Listening to politicians and industry zealots would make you believe we are about to see a radical shift in how our planet produces and consumes everything. We read about plant based substitutes for animal protein and are lead to believe they will change the world in just a few years. We hear about renewable energy replacing fossil fuels in just a few more years and certainly by the year 2050 we will see the full demise of the companies who drill for oil and natural gas.
When I asked everyone I knew how any of this was a reality if our government’s forecast for energy use to 1950 show virtually no change? I was met by shrugged shoulders and crickets. Public Utility Fortnightly’s recent article should shed some light here and offers a sobering perspective.
We are moving in the right direction, but change is slow and incremental. We all seem to be marching in unison about a gradual transition to electric vehicles, yet even now the realities of rare earth metals like lithium are showing how anything but a gradual transition is unrealistic. There is a reason they are called rare earth metals and there is no easy answer here.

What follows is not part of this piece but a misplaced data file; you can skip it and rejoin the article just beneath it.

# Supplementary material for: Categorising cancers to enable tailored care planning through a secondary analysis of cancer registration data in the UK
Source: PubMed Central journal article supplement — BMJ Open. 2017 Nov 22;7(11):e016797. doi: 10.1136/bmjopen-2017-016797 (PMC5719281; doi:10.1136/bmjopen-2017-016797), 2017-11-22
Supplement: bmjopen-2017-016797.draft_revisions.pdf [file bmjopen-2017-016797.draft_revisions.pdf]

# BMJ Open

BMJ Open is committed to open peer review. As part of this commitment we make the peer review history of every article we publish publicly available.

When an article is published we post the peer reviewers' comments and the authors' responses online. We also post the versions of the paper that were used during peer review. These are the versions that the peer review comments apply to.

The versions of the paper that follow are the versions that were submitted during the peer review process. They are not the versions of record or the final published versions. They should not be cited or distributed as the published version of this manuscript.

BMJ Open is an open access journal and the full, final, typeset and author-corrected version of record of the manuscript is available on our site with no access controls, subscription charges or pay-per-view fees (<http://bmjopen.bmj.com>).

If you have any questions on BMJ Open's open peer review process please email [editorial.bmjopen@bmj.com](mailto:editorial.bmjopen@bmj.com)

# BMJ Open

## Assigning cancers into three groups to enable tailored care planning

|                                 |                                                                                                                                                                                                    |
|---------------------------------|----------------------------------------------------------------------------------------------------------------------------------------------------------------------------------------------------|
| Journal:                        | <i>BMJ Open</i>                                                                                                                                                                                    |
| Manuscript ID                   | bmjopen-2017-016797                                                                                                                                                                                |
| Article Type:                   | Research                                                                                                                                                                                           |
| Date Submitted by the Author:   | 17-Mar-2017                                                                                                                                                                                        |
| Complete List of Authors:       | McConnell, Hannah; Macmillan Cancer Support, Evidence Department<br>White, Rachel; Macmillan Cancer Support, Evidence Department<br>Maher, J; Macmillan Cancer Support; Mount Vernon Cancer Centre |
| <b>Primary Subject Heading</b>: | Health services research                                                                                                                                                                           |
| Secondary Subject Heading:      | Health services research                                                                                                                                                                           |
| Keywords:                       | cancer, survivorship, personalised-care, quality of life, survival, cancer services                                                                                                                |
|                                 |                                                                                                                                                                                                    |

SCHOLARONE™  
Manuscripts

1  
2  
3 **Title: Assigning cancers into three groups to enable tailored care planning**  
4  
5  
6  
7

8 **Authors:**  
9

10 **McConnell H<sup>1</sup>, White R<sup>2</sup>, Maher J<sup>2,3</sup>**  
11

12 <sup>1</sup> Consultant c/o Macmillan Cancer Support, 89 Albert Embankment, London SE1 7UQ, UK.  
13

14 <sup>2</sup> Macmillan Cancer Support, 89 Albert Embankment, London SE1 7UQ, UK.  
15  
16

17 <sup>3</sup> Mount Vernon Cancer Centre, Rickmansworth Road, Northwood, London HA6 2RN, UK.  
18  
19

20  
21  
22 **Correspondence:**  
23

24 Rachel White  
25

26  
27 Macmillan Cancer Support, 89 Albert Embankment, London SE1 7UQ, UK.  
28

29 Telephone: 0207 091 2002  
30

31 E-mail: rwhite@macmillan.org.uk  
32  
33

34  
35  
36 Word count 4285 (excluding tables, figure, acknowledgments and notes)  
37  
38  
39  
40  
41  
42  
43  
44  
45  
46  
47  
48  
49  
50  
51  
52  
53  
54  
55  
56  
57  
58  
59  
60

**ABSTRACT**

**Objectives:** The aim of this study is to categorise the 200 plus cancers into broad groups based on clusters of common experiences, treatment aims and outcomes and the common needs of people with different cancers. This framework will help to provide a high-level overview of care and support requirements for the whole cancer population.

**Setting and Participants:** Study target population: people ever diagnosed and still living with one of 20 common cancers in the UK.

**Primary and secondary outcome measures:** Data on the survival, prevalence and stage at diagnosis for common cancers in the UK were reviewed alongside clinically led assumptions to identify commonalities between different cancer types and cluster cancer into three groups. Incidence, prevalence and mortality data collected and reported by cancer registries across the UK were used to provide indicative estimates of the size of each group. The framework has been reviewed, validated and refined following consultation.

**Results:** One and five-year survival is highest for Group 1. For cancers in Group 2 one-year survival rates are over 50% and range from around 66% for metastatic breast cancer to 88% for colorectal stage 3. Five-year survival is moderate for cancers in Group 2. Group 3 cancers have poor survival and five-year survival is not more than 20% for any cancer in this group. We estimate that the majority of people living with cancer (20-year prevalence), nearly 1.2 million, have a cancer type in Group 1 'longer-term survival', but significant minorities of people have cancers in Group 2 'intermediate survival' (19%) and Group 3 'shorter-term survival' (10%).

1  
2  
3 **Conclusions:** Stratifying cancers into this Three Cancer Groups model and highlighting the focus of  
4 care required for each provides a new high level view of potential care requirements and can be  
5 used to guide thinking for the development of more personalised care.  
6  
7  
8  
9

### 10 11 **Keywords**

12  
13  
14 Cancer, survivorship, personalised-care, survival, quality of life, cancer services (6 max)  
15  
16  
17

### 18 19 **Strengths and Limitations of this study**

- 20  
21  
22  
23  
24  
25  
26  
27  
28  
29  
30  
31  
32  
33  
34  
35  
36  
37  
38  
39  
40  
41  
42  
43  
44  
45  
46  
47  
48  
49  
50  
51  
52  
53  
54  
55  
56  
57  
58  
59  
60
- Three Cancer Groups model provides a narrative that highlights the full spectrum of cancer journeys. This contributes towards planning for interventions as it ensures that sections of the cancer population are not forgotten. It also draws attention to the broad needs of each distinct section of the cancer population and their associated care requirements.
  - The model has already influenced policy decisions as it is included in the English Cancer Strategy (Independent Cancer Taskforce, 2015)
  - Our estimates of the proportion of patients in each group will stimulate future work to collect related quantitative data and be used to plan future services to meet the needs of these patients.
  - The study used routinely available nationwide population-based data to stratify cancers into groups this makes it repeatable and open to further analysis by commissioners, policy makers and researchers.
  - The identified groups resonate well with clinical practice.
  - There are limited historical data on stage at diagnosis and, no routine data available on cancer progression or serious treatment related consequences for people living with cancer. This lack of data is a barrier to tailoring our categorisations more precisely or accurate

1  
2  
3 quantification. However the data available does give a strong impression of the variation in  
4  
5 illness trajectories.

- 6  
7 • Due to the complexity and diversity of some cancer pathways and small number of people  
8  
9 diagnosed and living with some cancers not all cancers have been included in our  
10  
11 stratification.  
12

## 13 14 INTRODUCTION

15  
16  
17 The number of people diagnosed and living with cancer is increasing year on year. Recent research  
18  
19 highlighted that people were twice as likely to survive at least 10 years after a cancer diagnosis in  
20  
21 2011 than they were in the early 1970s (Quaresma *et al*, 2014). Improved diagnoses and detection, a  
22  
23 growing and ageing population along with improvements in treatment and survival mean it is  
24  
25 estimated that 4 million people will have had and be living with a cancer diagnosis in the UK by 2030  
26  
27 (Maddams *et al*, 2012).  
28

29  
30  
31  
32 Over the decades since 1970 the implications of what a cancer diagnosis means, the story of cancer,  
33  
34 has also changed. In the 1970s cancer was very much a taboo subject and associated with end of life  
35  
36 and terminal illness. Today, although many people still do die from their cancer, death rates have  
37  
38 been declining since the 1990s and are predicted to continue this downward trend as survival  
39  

Sure, Tesla is working on new battery technology and who would argue with that noble goal. Elon Musk is probably one of the most likely people to add to his list of doing things no one else seems to even think could be done … see SpaceX. Truly remarkable … thank you Elon for believing in a future for space travel.
However, as you read the PUF article, please do note the time scales for change here. Anyone who believes we can change the trajectory of energy use in the world by more than a few percentage points in any timescale as short as 10-20 years is simply a dreamer. The world’s energy use is a staggeringly large number.
The population continues to grow and the “have nots” in the developing countries are pushing for the American dream. This is not going to change. While renewables are important, they simply will not “bend the curve” as we tried to do with behaviors and technology with COVID.
Archimedes thought you could move the world if you had a big enough lever arm.
Slow and steady wins the race. Throwing money at this problem believing you are going to change history is delusional at best and dishonest at worst.
One thought on “Slow and Steady?”
Well said. As always.